Fort Worth Child Support Attorneys

Though the child support Order entered by the Court is legally binding, that is not to say that the Order will be properly complied with or representative of your circumstances years after the Order was signed. The provision related to the support of your children is generally subject to modification until the children graduate from high school. The child-support guidelines set forth in the Texas Family Code generally provide that the non-custodial parents should pay at least 20% of their net resources to the custodial parent for the support of one child, 25% for two children, and 30% for three children to help support their children.

At The Maynard Law Firm, PLLC, our Fort Worth child support attorneys can pursue any course of legal action necessary to enforce your child support Order or to modify that Order so that it will be more representative of your current financial circumstances. We know how critical the amount of support is to the ongoing care of your child, and we can help you make an informed legal decision about what will be in your child’s best interests moving forward. That being said, we can help you understand the implications of all your choices so you can make informed decisions about your child’s future. To learn more about how we can help, contact us today at (817) 335-9600.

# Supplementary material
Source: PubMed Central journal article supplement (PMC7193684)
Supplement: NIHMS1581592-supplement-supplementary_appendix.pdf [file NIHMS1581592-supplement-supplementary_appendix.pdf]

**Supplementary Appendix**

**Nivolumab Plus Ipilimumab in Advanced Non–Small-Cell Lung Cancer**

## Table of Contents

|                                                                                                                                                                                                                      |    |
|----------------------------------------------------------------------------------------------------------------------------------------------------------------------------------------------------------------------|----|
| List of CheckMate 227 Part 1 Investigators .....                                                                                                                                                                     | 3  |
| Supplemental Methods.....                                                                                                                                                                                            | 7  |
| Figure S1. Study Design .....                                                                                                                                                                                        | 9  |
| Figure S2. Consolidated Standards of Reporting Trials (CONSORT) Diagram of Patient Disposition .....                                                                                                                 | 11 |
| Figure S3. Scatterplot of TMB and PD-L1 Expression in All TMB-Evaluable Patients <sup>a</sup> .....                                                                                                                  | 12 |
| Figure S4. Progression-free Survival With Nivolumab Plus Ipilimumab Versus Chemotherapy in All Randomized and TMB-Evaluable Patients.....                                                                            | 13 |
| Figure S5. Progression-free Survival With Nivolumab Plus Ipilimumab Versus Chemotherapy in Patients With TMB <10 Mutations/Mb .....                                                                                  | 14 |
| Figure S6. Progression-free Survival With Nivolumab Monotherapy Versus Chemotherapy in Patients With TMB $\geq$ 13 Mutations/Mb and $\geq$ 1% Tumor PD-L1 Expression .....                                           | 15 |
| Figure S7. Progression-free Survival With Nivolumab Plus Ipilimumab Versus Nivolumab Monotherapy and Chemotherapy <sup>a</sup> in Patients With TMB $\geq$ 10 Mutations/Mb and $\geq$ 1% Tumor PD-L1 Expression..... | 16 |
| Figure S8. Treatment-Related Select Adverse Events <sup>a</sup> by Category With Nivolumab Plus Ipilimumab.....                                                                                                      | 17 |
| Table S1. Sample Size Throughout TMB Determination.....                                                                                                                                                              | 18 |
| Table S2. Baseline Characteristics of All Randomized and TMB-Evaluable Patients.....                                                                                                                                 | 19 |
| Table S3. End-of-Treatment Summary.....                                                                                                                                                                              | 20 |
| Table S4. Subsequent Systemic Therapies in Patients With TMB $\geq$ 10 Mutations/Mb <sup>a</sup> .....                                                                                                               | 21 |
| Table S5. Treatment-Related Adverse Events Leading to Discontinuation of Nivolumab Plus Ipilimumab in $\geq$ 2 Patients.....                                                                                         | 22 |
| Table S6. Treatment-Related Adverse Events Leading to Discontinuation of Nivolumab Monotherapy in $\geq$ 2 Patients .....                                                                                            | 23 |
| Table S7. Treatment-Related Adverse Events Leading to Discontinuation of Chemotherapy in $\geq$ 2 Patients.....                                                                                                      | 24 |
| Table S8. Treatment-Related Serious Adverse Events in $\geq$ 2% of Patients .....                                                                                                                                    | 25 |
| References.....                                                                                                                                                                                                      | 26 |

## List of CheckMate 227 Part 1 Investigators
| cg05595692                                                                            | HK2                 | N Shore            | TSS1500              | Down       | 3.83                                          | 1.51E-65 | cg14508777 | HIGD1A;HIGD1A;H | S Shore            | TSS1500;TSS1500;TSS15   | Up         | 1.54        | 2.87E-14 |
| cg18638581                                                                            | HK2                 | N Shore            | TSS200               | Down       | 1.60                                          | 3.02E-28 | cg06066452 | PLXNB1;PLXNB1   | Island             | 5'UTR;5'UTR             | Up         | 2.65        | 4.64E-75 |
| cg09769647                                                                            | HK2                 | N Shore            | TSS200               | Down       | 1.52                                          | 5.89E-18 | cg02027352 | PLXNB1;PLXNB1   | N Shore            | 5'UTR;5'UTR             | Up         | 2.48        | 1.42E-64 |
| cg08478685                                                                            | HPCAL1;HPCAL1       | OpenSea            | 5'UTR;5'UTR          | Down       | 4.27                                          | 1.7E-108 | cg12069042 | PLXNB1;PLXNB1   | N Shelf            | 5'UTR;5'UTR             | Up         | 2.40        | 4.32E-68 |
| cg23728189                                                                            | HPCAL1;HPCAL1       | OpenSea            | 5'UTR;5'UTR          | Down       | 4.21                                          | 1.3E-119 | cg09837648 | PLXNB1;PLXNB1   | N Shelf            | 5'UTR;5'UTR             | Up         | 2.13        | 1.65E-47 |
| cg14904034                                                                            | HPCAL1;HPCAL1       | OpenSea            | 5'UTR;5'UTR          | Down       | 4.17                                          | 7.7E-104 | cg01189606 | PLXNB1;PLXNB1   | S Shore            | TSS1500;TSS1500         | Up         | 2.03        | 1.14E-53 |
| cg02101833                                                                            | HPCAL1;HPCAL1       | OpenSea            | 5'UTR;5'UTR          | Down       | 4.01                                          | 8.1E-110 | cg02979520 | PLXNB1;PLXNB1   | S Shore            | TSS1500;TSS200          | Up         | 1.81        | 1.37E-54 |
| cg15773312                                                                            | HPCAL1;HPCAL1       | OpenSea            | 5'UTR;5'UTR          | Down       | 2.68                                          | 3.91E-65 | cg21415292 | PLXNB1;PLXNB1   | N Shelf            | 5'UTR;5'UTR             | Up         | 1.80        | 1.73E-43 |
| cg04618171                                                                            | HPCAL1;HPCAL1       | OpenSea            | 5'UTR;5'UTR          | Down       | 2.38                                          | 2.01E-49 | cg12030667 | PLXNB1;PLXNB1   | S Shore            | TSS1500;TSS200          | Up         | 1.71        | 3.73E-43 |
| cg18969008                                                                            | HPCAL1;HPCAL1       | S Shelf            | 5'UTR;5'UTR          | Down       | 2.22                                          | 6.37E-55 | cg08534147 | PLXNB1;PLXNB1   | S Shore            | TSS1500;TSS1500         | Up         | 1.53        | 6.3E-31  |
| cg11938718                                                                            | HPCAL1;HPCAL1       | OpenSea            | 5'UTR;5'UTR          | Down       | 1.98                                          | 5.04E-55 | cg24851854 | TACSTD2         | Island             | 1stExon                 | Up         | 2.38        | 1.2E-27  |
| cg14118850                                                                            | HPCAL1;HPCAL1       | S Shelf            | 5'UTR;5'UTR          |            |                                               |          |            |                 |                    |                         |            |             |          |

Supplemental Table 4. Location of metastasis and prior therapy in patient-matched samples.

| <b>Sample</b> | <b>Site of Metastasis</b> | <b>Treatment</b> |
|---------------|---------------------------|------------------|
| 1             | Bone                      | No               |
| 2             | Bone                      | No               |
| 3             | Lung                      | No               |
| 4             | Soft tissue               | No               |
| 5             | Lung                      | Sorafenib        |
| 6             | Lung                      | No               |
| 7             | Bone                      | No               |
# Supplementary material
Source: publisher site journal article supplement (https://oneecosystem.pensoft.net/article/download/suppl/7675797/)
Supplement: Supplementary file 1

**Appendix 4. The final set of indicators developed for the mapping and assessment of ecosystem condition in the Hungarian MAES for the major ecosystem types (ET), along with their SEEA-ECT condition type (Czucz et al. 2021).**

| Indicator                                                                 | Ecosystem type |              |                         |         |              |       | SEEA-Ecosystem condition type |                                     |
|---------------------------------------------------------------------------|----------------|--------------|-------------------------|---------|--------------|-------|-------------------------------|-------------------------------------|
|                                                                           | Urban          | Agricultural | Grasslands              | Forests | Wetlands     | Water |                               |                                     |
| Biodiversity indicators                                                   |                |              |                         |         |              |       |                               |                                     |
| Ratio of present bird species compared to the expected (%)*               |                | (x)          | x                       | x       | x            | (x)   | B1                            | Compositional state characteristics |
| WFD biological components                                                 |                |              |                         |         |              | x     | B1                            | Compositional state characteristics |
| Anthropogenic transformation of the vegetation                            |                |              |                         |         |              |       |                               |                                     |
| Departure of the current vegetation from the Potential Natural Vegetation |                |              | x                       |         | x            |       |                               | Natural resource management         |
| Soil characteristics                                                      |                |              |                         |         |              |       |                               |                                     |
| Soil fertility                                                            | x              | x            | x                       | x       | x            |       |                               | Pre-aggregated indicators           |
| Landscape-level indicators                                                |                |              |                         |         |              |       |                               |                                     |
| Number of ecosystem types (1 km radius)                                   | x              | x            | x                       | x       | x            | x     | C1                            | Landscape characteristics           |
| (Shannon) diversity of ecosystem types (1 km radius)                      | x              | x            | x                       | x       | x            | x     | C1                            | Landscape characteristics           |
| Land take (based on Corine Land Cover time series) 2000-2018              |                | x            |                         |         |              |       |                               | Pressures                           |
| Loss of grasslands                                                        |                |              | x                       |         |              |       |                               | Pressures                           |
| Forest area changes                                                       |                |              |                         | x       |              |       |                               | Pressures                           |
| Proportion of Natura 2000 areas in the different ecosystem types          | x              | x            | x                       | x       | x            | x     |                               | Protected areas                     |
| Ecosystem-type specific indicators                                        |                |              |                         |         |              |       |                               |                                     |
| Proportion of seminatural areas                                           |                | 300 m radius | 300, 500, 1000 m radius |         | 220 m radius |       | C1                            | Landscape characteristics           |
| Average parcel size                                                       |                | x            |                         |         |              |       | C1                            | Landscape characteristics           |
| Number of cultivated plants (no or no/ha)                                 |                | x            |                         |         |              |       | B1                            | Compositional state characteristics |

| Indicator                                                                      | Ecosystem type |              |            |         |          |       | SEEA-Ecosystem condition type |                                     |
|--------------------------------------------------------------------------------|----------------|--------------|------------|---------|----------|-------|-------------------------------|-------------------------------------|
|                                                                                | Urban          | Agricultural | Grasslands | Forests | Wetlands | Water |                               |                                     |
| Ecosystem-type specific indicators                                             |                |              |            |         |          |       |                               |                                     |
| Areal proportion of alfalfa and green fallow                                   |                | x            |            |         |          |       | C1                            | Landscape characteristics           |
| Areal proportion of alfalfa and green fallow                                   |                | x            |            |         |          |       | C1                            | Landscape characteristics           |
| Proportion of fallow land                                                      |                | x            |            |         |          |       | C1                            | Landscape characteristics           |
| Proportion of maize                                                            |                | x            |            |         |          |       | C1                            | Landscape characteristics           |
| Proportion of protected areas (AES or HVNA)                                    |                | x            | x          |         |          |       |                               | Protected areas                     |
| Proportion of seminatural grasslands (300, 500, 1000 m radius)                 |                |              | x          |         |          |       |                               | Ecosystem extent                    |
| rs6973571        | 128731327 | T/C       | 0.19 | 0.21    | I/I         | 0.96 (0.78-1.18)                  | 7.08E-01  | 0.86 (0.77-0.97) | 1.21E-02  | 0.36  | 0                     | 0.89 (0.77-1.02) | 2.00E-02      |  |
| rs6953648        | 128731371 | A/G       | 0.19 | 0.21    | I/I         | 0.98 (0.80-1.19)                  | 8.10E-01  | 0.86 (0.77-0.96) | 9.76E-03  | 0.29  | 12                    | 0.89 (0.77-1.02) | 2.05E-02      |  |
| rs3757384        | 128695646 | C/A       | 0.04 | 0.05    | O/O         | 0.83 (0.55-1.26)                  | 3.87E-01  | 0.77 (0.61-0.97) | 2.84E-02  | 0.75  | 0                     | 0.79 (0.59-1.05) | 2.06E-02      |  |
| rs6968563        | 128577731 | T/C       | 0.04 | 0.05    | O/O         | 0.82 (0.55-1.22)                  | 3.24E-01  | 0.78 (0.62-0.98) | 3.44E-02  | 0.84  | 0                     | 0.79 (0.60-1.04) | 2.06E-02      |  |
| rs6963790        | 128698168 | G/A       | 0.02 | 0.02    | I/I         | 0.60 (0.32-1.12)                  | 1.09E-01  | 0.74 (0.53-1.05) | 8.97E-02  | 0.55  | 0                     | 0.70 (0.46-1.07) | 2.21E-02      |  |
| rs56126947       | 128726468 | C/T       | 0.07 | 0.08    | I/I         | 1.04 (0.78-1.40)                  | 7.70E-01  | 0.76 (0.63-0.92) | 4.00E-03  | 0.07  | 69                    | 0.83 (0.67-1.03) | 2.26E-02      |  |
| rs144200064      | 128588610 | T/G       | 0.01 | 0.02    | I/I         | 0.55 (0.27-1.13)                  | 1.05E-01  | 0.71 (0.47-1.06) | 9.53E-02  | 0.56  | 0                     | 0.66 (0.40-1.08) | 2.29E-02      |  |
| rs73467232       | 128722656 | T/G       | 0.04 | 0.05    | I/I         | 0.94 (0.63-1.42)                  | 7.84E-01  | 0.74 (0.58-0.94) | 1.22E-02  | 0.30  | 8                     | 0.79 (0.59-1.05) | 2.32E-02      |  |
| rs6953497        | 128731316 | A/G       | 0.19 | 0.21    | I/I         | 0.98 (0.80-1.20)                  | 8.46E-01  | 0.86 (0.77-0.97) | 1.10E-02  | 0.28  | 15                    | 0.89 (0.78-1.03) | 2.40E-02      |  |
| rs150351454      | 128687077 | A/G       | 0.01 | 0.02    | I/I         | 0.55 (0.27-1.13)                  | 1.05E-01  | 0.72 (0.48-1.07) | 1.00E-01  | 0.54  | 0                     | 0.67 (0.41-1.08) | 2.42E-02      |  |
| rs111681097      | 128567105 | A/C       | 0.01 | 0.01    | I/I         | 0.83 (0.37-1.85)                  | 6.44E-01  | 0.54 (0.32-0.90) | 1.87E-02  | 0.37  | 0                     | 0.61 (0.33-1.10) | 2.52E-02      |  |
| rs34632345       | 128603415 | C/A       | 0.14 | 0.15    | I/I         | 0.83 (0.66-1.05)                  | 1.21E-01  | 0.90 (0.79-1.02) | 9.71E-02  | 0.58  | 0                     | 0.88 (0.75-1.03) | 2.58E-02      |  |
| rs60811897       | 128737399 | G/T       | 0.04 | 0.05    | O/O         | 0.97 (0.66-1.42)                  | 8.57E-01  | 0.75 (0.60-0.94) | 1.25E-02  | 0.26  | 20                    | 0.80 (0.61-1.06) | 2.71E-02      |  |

Do I Need a Child Support Lawyer?

Although many parents attempt to navigate child support issues by themselves, it can be challenging to achieve the best results on your own. An experienced child support attorney understands the law and the way the courts tend to apply it. A child support lawyer can anticipate the arguments and tactics that the other party may use, and they will assemble as much evidence as possible to make your case for your child’s best interests.

If your financial circumstances have changed, it is essential that an order for child support appropriately matches your financial situation. If you need to enforce a support order or oppose a modification, a knowledgeable attorney can represent your interests. You will have the best chance of a favorable outcome with an attorney who understands the system and can present the facts of your case concisely and compellingly.

Why Choose The Maynard Law Firm, PLLC to Handle My Case?

To obtain the best results in your child support case, it is imperative that you choose an attorney who will aggressively fight for your position. At The Maynard Law Firm, PLLC, we advocate for clients so that they do not have to try to take on the burden of navigating the court system by themselves. We are proud to offer a full range of family law legal representation, including representation in child support matters. We strive to keep your interests and your child’s best interests in mind every step of the way.